Here we are forced to go back to websites, and forget the restaurant analogy for a moment. If a visitor spends more time on a website, the search engine is more likely to return a relevant result for that website – that is, they have found what they were looking for.

And if 70% of visitors agree, this is a green signal to Google that your page is relevant to XY topic, so it will rank higher for those keywords. (And a higher ranking means even more revenue – read more about that here.)

#4 A site with good UX is also good from an SEO point of view

As mentioned above; a page should not only be aesthetically and textually good. If, for example, the site loads slowly, has a bad url structure or falls apart on mobile, this can greatly degrade the user experience.

Of course, this sounds like an awful lot of work. But fortunately, there are ways that you can easily do that will still significantly improve the UX. 

Here are some of them.

Simple ways to improve the user experience

The simplicity of a good website lies in its greatness. That’s why you should strive to make your site as transparent, easy to use and clear as possible. 

Let’s go from the top down and start with the url.

#1 Use simple URLs

It is common to encounter pages whose url is automatically generated and not transparent. In this case, the most important thing to know is that the url

  1. should be written in lower case,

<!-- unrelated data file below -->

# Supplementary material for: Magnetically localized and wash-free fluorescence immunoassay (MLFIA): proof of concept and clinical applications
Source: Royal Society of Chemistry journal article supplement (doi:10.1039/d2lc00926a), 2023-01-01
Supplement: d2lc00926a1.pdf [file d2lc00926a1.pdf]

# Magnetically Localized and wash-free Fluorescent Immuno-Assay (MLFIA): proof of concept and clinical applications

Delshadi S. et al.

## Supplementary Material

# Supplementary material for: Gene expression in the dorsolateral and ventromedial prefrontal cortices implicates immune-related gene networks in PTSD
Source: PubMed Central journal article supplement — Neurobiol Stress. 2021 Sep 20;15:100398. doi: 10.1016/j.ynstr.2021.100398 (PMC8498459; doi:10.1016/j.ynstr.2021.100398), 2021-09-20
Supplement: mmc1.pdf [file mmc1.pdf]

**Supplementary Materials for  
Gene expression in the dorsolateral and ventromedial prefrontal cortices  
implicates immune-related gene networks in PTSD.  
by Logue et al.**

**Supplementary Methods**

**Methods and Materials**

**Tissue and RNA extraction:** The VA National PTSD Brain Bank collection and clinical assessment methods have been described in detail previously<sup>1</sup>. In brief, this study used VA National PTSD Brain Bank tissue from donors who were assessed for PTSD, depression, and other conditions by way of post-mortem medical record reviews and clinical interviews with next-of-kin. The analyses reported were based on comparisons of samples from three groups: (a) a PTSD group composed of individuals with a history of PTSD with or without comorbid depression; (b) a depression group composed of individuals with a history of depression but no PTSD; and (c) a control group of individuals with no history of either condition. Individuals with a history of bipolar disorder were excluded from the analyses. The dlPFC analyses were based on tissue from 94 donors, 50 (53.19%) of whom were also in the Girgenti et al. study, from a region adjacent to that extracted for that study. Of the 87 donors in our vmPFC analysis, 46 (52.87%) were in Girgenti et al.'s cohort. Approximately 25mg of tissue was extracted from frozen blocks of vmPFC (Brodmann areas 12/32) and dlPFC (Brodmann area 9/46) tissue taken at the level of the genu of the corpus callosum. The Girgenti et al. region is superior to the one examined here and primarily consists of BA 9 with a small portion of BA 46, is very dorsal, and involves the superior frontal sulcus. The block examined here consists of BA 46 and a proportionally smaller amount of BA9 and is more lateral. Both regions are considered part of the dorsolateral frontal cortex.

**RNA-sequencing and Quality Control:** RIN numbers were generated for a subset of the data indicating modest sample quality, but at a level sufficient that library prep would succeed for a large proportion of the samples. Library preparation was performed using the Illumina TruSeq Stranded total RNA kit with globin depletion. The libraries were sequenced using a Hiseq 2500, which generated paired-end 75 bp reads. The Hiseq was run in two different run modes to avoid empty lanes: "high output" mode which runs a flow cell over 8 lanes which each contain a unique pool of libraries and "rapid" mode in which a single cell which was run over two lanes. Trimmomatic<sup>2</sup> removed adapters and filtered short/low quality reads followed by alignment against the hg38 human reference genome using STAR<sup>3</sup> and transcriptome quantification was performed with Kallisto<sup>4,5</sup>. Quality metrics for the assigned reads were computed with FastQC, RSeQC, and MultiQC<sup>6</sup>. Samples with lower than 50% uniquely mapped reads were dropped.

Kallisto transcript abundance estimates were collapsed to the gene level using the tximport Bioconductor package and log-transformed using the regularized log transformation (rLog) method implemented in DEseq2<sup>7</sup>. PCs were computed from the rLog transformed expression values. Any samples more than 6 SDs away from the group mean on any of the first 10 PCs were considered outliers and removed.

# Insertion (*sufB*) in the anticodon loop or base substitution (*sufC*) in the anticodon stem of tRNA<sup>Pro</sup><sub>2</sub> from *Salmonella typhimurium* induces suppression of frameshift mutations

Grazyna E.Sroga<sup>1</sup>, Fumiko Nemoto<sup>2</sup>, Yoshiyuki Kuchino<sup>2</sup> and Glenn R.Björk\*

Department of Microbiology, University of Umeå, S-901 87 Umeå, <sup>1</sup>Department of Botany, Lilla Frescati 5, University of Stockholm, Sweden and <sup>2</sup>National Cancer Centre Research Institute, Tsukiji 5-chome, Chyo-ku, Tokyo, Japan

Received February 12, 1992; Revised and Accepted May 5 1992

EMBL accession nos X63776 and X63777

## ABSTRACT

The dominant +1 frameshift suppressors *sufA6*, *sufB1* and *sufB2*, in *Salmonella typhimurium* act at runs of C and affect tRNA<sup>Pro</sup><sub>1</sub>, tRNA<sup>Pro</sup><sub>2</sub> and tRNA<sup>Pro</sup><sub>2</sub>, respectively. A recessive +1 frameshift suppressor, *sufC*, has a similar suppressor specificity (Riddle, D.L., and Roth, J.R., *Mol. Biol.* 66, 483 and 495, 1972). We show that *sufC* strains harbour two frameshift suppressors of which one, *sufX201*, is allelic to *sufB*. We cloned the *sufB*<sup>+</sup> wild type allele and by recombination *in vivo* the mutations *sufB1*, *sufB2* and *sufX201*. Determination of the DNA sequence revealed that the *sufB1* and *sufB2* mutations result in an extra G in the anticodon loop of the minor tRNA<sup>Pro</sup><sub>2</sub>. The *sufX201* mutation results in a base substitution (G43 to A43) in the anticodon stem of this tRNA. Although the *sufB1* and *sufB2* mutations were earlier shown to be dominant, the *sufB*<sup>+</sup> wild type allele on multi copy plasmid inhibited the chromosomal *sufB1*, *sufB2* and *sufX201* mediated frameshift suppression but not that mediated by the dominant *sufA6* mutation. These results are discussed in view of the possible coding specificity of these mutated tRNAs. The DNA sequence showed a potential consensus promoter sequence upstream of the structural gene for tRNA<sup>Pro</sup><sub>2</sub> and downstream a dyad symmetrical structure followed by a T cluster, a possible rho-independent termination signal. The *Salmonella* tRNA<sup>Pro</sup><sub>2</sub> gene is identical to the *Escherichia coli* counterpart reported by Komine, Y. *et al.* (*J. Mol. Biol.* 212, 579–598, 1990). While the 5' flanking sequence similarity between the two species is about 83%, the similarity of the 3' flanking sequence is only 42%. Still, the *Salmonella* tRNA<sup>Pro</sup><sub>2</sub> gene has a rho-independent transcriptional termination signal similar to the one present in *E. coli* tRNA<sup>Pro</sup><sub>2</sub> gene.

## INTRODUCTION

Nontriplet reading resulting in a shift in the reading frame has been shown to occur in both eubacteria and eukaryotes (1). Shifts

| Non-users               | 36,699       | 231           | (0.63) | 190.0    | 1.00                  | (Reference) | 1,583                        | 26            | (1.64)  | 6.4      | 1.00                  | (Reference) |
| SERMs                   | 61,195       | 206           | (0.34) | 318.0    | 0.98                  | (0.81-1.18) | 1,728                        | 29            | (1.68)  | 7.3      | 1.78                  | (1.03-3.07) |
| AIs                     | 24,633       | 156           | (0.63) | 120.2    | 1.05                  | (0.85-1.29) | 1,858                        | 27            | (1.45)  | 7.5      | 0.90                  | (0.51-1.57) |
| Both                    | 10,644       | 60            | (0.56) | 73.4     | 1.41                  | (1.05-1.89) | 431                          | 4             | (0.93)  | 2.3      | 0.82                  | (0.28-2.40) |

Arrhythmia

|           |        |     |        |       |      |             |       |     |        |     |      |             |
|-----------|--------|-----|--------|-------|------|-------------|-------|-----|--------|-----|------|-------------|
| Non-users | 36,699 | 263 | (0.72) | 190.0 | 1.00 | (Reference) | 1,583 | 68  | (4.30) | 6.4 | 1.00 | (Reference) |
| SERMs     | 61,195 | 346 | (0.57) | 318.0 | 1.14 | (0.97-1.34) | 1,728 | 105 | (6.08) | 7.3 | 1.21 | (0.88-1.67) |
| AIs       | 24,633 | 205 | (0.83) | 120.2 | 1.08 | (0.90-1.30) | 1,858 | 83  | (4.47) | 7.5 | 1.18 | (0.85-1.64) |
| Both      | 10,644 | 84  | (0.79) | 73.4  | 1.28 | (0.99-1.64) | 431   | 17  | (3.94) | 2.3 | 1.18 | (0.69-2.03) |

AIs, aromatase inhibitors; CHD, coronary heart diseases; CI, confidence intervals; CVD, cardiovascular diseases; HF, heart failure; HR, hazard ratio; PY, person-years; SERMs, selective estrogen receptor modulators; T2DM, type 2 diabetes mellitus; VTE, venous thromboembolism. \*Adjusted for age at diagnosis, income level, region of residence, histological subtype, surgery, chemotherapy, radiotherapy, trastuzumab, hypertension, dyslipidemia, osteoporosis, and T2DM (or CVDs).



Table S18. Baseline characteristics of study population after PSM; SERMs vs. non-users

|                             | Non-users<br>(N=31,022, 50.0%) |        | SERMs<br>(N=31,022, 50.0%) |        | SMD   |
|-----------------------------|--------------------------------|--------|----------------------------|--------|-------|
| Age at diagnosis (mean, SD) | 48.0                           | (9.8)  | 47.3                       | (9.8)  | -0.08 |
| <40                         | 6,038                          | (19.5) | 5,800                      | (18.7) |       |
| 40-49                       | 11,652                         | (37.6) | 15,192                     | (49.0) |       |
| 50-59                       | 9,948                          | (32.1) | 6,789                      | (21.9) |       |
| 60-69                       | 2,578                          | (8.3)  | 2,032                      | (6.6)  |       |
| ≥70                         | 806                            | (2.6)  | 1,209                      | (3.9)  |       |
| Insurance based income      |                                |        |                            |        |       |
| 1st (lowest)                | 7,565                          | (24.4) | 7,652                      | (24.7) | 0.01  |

2. without accent
  3. and use a hyphen instead of a space.

For example:

It is also essential that the url contains the main keyword and is short and expressive. This is important not only for SEO but also for UX. Mainly because when people look at the search bar, they can find their way around by url.

#2 Make the menu structure clear

It is important that the items in the menu are clear and clickable. There should also be subcategories within the main category, which should also be clear. 

For example, if someone is looking for cat food, but accidentally links to dog food, it’s a huge luft, so the user is likely to leave the site and you lose money. In many cases this goes without saying, but for a webshop with thousands of products, for example, this may not be the case, so it’s worth running an SEO audit.

#3 Navigations and CTA 

Although CTA buttons need to be different from the web design to stand out, they still need to fit in. The colour, shape, text, form and size of the button are important. It’s also important that the button is clickable and takes you exactly where the click stimulus suggests.

#4 Test your website on mobile

Currently, more than 50% of people browse on their phone. That’s why it’s just as important to make sure your website is optimised for phones, not just desktop. The easiest way is to test your own site. When you test it, consider the following points:

  • Is the website loading quickly?
  • Does the pop-up chat window bother you?
  • If there are pop-ups, are they not distracting? Are they easy to close?
  • Does a maximum of three taps get the visitor where they want to go?

After you’ve browsed through your site, give the phone to an older, preferably retired, friend. If he or she can handle it, the younger age group should have no problem.


As you can probably see from the above, there are a few simpler tricks you can do to achieve spectacular results relatively quickly. However, to use another analogy, you should not be training for a short distance run, but rather for a marathon. This is very much the case in the world of online marketing in general. 

So simply a month or two, or even six months, is not enough. Rather, it is a never-ending job, because a website is never finished and there is always room for improvement. However, it pays off, as the work invested will increase the revenue exponentially.

Shopping Cart
Scroll to Top